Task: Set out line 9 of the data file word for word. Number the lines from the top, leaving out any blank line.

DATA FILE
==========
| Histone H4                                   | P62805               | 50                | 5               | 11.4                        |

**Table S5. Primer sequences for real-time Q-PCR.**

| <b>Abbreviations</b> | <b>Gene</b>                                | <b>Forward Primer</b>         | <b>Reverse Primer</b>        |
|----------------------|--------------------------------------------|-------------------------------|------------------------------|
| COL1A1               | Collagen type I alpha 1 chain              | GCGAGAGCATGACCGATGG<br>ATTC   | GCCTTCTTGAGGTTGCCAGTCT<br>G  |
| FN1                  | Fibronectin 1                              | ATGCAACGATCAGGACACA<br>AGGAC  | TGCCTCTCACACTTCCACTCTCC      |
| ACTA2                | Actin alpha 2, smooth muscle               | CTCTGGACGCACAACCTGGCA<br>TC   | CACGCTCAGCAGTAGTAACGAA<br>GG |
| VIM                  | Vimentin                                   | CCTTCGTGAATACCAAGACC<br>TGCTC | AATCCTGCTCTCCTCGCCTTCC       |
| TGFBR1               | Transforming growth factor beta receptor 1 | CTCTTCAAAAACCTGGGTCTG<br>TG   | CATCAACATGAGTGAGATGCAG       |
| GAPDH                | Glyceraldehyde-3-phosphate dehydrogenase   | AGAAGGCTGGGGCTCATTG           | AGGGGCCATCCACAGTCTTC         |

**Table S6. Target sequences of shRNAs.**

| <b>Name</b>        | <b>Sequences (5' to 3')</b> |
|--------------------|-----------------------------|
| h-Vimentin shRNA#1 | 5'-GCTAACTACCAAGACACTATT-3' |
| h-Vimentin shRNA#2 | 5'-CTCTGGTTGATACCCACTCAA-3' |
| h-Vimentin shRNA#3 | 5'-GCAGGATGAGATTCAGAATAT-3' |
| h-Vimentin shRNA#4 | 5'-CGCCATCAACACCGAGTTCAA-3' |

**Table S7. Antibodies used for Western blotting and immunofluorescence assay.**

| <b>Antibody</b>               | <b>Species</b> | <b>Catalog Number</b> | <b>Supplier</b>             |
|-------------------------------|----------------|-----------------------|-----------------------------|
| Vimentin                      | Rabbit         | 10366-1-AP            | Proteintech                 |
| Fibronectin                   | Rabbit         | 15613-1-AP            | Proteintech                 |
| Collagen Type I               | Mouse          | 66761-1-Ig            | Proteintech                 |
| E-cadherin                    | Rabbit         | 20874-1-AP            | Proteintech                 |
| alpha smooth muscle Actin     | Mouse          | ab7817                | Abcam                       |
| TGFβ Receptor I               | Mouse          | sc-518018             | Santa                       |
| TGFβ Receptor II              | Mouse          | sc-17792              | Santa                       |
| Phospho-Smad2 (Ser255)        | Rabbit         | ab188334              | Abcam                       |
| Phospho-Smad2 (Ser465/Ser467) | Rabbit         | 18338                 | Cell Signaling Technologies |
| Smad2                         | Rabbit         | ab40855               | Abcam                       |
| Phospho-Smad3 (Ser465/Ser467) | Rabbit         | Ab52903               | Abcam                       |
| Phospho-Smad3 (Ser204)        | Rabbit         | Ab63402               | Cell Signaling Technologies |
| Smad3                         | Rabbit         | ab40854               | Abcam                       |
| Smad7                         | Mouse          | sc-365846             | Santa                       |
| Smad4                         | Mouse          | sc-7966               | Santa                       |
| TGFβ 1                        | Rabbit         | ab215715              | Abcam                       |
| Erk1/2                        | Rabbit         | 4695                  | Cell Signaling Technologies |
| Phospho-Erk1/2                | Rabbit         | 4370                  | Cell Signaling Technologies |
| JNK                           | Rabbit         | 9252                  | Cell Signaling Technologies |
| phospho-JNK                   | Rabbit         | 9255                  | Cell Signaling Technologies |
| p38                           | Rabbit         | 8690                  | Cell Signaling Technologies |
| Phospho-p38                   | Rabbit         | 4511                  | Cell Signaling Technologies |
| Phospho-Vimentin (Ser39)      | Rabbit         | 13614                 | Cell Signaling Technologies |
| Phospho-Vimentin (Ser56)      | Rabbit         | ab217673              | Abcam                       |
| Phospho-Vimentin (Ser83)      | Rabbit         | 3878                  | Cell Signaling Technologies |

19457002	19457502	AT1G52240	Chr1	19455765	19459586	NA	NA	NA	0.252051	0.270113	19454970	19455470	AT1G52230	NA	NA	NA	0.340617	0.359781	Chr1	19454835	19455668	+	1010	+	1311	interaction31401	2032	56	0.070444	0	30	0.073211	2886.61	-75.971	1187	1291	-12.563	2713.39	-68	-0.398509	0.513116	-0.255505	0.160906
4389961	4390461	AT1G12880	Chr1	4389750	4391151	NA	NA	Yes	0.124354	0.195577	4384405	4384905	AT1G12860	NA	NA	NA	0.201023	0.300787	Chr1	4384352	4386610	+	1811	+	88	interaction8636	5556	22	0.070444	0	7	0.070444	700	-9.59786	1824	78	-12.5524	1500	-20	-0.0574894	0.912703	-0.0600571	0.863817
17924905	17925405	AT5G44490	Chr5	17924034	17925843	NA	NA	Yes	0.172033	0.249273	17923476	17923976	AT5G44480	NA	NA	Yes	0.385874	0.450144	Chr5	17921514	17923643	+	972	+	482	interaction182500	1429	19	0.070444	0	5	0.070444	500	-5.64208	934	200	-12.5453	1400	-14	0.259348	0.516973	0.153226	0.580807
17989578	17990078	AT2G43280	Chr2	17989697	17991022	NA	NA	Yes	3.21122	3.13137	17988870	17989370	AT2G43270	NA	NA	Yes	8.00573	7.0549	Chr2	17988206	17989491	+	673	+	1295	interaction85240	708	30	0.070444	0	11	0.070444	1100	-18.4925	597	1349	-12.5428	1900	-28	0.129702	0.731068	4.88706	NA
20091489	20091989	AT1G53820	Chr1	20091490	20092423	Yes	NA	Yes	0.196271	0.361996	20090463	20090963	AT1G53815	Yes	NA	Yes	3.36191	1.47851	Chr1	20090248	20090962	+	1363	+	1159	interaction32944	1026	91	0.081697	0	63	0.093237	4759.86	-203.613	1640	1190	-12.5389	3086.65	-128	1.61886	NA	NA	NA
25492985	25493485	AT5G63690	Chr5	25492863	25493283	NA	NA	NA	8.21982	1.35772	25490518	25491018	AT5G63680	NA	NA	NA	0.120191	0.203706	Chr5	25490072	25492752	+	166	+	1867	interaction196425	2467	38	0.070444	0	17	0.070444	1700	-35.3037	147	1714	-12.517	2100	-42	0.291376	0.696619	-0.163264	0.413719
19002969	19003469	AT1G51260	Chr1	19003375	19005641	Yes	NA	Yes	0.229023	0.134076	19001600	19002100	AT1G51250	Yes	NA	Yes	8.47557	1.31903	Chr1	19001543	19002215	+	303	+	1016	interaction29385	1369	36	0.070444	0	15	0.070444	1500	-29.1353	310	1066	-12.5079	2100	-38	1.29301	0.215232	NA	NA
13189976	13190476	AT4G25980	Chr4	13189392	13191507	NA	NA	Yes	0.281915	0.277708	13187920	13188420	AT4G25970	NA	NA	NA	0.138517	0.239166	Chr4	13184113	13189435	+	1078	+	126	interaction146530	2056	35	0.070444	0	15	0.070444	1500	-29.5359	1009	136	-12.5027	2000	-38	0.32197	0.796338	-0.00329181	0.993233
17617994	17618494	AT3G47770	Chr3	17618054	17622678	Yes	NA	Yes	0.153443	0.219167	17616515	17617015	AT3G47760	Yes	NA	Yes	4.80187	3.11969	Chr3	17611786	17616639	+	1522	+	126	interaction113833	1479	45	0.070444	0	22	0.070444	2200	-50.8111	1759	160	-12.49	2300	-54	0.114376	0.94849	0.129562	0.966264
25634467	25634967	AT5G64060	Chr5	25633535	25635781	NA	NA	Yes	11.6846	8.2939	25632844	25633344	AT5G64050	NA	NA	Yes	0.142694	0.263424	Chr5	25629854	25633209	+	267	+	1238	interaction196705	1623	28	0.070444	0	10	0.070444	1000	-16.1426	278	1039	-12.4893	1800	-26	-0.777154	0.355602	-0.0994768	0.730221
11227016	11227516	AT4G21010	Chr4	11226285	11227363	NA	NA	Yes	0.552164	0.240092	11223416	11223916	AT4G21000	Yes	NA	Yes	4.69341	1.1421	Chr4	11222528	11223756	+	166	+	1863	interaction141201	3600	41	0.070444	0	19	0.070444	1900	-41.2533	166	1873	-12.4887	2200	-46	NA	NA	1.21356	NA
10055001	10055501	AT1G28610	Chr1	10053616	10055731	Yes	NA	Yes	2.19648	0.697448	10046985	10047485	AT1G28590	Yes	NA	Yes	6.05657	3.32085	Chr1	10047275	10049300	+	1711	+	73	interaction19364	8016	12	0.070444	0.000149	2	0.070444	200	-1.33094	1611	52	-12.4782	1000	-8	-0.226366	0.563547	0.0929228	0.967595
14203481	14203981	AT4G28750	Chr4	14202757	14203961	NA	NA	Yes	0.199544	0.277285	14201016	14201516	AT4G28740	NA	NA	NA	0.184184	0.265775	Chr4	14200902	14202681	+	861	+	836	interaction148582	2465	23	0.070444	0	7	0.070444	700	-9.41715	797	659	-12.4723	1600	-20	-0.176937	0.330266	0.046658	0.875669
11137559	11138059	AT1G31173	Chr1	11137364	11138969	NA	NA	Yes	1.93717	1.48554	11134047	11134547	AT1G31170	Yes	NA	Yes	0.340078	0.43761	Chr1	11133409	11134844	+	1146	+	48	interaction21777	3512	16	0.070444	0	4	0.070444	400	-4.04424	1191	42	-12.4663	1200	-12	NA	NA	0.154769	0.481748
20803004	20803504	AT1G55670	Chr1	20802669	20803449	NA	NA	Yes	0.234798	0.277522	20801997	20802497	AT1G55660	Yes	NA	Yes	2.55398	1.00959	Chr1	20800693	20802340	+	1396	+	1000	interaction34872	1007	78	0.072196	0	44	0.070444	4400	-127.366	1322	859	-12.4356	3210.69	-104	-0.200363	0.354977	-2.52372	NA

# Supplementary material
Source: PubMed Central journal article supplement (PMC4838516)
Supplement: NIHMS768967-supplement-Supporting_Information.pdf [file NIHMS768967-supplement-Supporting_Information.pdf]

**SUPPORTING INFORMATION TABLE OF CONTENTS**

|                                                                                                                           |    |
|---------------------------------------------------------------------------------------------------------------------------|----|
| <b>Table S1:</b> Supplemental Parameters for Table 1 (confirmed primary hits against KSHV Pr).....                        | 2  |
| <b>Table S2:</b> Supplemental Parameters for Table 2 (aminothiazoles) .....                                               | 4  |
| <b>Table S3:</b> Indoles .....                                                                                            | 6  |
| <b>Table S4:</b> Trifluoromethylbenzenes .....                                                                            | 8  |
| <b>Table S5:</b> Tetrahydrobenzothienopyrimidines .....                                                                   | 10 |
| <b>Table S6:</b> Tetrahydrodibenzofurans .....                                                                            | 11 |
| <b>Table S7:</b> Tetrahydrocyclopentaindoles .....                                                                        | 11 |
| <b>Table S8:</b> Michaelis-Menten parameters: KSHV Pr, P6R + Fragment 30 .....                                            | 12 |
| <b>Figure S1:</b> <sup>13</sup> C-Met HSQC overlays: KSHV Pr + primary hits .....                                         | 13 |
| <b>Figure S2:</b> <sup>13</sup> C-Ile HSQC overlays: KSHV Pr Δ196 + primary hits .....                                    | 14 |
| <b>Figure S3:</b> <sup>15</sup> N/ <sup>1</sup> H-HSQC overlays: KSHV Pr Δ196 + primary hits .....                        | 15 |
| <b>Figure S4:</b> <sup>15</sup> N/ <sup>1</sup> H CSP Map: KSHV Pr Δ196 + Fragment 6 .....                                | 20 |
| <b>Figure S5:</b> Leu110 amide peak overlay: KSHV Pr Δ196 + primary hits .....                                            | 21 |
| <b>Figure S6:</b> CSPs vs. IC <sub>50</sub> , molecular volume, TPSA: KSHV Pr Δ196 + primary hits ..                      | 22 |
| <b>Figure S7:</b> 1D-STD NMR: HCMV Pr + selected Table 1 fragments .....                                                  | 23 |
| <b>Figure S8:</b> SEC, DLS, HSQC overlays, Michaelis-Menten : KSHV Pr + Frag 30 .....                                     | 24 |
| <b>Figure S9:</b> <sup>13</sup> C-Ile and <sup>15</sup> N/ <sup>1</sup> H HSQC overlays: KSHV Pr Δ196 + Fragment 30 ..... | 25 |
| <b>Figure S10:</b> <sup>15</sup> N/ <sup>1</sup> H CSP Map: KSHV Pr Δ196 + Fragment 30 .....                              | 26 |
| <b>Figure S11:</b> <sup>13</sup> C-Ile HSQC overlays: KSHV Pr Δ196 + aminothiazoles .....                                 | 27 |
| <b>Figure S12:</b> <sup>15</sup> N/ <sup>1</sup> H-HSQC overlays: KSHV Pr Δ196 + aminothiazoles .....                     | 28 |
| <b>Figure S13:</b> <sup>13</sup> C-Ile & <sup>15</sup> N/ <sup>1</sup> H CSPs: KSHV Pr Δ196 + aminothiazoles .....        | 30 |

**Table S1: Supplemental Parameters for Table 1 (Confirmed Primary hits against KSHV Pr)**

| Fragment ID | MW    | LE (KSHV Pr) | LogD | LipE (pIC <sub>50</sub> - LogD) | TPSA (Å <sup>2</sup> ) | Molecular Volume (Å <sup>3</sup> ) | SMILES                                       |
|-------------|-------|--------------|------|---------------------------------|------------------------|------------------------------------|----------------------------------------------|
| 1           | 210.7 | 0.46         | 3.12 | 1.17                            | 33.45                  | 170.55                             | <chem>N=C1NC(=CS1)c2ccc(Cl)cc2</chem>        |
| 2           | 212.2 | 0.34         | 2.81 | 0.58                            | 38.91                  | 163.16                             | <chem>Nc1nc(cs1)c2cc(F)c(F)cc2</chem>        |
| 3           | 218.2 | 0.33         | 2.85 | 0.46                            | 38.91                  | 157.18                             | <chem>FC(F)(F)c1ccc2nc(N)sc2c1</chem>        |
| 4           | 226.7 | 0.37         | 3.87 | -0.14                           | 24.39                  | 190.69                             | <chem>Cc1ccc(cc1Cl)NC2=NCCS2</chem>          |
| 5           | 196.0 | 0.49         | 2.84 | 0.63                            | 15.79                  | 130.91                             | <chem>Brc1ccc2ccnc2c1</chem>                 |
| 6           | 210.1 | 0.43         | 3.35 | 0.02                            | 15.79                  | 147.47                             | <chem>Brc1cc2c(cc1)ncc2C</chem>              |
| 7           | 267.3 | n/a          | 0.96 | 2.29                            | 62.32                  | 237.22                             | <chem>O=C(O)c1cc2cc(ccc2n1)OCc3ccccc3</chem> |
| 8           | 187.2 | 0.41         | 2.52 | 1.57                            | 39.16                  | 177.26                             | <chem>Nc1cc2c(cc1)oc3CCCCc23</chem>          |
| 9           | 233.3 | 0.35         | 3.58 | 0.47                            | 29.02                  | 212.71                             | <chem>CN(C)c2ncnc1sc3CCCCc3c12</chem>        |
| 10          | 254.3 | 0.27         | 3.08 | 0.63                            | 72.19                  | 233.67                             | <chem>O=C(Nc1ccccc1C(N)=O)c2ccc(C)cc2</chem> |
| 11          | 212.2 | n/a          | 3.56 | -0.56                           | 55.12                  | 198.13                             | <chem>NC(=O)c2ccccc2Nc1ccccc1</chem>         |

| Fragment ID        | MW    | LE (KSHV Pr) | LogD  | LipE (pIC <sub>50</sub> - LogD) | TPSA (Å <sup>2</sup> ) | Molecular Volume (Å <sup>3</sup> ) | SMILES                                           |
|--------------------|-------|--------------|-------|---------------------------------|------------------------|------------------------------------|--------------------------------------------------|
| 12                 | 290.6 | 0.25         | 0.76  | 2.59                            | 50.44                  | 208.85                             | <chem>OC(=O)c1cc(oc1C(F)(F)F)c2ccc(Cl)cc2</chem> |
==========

| TGFBR1               | Transforming growth factor beta receptor 1 | CTCTTCAAAAACCTGGGTCTG<br>TG   | CATCAACATGAGTGAGATGCAG       |